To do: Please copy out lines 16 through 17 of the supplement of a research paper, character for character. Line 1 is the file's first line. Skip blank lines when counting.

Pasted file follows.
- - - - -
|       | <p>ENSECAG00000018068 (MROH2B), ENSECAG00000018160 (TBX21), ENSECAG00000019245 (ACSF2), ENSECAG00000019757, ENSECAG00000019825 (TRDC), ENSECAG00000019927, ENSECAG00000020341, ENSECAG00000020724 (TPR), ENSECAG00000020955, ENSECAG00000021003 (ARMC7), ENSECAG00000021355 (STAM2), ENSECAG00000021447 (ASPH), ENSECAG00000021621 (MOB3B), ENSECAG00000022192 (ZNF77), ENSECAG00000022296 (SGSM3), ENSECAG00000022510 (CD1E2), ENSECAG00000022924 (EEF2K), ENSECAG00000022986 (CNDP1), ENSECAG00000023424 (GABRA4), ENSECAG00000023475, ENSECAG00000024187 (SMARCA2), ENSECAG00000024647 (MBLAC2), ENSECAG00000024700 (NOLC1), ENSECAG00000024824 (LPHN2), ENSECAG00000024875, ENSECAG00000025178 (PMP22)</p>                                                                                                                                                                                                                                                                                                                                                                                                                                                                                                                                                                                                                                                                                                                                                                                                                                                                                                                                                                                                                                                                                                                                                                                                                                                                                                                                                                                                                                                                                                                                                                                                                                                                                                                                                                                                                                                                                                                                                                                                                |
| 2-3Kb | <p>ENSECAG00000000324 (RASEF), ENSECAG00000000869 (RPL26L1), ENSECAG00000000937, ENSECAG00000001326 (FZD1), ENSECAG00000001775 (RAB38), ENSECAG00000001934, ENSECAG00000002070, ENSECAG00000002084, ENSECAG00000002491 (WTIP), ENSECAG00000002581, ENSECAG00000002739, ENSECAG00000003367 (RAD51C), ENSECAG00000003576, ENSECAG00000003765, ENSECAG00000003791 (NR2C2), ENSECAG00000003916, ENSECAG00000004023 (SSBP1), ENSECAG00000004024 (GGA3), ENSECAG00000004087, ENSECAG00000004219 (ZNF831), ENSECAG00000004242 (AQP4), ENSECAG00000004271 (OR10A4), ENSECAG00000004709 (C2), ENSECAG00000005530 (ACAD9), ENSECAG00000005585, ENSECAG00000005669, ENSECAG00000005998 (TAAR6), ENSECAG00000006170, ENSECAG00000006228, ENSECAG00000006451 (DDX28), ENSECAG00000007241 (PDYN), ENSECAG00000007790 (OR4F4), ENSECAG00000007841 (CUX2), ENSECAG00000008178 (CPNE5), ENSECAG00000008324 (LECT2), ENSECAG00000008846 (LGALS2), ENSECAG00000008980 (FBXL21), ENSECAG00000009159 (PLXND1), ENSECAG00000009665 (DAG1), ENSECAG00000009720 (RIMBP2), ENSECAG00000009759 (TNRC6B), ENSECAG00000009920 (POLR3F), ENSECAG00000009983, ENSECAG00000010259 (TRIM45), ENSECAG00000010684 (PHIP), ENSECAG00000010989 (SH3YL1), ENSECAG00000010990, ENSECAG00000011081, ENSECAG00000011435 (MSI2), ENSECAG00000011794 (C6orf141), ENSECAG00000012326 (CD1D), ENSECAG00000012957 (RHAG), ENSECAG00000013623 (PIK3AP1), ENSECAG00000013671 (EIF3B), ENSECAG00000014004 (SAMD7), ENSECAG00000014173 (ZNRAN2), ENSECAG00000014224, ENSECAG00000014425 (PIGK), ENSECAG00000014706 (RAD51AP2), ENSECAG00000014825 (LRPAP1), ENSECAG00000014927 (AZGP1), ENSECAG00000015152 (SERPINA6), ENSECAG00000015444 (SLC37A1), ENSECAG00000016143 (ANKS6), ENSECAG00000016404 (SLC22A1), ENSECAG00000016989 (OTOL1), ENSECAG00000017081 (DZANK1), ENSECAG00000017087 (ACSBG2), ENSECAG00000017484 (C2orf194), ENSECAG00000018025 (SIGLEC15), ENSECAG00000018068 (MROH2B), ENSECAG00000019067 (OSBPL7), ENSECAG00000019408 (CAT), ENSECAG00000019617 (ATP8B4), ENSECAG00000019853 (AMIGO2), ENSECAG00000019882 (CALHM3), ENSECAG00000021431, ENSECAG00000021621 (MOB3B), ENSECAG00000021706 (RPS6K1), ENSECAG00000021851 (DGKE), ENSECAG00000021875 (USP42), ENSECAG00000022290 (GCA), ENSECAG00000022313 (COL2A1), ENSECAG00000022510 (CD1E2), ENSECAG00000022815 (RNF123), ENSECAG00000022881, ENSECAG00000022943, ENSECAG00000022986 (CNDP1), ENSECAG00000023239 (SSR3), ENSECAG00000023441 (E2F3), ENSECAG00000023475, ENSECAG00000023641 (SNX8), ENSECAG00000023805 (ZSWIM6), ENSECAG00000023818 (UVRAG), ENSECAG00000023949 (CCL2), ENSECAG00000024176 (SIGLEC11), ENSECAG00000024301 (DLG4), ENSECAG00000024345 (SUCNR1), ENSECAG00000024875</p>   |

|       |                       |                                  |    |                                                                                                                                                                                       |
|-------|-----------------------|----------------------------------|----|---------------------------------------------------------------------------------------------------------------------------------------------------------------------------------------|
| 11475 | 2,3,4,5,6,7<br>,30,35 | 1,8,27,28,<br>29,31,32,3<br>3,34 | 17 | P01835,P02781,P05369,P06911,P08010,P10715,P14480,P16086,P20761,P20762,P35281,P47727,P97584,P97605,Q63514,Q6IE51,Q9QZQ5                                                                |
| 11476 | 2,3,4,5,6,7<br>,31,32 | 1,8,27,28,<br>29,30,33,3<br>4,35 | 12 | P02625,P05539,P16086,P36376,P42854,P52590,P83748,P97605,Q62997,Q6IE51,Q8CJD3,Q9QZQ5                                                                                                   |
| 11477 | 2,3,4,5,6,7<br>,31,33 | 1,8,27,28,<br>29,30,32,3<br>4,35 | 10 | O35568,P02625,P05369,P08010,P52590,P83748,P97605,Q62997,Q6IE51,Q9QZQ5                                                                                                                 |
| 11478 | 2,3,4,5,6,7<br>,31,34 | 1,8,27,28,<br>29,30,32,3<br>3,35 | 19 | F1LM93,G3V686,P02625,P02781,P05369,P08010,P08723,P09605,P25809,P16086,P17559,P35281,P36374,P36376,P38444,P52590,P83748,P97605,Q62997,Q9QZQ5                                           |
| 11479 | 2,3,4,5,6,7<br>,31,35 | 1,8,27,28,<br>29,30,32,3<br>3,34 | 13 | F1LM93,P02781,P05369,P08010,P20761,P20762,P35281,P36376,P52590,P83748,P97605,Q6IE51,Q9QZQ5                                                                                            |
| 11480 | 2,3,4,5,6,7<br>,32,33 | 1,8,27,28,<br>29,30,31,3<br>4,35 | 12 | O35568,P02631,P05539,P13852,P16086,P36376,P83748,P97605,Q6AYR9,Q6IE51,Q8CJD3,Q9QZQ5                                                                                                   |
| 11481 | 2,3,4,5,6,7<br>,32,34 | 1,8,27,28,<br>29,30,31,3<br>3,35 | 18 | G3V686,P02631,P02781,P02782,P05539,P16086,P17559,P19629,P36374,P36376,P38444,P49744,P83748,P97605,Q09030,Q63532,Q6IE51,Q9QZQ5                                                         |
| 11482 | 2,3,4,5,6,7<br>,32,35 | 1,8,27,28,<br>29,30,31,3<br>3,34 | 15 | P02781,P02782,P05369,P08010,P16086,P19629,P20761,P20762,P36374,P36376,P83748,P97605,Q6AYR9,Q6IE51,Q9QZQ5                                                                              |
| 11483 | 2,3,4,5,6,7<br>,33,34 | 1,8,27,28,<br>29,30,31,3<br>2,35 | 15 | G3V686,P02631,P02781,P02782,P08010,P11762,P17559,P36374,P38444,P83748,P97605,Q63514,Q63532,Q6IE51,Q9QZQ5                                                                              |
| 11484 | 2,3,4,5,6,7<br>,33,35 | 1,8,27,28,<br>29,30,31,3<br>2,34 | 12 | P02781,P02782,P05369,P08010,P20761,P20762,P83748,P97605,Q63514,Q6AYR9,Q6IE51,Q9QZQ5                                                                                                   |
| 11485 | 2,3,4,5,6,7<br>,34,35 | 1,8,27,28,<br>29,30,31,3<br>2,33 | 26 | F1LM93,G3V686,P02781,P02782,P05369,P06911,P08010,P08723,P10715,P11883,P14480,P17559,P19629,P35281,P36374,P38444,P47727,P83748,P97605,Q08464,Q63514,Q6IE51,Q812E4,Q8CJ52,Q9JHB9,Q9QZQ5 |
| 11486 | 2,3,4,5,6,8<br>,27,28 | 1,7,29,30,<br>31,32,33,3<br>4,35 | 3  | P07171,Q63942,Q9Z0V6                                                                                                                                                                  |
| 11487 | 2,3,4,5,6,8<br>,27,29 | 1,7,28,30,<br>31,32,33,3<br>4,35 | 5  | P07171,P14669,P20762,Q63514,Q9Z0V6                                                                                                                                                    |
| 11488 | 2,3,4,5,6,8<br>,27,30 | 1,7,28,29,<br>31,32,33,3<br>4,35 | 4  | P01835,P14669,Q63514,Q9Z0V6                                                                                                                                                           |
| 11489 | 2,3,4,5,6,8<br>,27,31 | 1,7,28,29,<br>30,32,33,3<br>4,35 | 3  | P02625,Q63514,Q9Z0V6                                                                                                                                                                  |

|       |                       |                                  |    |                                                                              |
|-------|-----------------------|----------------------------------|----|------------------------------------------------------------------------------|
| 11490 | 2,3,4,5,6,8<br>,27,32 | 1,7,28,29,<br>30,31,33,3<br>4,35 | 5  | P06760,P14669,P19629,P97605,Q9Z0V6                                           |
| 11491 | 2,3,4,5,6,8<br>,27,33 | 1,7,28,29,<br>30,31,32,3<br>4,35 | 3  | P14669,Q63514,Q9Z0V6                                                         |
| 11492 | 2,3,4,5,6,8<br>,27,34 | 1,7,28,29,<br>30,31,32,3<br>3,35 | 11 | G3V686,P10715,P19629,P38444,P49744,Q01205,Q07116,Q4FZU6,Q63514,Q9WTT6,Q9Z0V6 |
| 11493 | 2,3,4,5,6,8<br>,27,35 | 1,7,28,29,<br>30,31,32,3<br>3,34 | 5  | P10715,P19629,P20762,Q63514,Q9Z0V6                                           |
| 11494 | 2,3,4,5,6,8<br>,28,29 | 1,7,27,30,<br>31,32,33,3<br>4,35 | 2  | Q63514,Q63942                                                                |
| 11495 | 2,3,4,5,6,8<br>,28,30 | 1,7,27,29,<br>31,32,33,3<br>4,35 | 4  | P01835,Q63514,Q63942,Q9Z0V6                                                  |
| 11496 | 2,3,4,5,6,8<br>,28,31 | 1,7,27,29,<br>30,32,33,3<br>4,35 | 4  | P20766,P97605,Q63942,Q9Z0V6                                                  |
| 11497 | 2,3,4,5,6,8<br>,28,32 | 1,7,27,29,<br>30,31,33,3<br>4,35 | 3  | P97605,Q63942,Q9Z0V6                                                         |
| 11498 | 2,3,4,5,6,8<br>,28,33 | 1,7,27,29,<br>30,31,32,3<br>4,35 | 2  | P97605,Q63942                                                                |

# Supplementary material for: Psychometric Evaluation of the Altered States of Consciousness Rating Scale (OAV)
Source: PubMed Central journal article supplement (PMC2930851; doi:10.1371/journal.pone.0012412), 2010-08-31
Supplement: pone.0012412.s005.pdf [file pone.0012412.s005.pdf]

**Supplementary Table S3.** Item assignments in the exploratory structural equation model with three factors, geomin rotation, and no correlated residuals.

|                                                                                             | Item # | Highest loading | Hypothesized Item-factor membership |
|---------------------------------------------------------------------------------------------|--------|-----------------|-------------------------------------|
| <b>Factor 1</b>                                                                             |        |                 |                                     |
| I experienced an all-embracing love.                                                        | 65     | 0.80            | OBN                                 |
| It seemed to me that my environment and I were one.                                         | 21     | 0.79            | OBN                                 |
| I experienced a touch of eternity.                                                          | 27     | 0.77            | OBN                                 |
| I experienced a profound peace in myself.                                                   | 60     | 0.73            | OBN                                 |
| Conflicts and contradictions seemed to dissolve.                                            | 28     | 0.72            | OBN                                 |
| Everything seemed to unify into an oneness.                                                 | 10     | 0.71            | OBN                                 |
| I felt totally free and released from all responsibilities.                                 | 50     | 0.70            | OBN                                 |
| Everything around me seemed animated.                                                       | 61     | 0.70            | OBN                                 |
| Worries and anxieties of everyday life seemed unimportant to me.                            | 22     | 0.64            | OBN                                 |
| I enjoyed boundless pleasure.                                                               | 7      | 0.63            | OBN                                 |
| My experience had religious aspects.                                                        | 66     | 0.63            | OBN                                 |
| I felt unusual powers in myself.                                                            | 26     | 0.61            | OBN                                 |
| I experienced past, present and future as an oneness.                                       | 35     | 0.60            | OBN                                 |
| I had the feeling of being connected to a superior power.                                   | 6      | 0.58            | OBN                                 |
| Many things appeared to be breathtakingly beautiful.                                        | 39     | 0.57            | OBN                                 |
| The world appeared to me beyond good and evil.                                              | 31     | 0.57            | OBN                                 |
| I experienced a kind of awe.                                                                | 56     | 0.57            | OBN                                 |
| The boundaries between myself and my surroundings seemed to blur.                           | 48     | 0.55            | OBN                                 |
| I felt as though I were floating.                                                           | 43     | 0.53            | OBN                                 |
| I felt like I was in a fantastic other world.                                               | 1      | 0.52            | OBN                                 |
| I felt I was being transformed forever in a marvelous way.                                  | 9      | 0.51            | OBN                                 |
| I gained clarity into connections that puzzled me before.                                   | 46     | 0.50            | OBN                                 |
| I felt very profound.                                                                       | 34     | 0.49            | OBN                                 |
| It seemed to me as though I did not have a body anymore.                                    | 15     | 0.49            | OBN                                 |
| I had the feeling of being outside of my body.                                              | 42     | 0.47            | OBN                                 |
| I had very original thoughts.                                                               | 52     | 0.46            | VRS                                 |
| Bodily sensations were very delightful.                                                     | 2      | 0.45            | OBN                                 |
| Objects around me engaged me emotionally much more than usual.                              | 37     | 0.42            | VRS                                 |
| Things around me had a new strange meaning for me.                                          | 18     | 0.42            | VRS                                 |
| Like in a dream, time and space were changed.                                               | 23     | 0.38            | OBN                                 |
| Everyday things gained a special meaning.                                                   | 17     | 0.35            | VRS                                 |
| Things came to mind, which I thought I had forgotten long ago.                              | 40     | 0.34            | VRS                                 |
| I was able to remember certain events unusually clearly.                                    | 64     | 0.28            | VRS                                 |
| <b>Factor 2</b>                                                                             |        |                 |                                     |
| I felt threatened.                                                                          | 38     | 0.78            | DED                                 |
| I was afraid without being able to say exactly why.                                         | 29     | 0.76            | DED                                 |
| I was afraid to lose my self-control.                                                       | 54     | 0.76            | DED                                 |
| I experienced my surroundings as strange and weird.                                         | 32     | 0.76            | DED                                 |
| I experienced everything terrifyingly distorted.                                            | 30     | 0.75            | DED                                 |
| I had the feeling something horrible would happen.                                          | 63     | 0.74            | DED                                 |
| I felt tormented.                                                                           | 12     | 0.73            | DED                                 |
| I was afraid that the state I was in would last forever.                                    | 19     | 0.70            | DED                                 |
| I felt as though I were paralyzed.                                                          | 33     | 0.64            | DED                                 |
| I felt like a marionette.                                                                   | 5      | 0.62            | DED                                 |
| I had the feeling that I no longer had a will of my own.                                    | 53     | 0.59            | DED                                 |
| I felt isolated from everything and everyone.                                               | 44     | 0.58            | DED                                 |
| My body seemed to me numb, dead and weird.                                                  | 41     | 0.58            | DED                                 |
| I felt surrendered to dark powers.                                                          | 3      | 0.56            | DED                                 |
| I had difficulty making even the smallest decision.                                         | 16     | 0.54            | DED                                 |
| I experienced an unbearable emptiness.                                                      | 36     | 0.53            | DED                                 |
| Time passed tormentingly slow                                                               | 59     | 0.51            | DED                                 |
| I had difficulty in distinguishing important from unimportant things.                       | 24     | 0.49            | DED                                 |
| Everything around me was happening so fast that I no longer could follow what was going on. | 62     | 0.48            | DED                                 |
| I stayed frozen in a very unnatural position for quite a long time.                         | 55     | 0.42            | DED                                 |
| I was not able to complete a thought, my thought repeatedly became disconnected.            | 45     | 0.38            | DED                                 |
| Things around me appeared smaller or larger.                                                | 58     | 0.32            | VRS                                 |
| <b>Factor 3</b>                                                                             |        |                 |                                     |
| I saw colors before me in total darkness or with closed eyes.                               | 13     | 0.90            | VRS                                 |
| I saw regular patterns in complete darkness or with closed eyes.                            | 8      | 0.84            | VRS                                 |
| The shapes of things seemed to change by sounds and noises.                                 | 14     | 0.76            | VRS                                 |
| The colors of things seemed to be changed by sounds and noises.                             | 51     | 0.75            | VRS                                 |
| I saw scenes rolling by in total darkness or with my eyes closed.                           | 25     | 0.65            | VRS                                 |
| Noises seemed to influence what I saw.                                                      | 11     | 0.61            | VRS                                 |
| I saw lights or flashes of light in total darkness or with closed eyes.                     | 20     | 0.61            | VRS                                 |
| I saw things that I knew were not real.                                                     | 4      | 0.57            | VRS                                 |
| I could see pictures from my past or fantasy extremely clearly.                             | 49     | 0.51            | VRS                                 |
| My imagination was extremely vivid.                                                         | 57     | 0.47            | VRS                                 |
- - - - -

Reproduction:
| 11486 | 2,3,4,5,6,8<br>,27,28 | 1,7,29,30,<br>31,32,33,3<br>4,35 | 3  | P07171,Q63942,Q9Z0V6                                                                                                                                                                  |
| 11487 | 2,3,4,5,6,8<br>,27,29 | 1,7,28,30,<br>31,32,33,3<br>4,35 | 5  | P07171,P14669,P20762,Q63514,Q9Z0V6                                                                                                                                                    |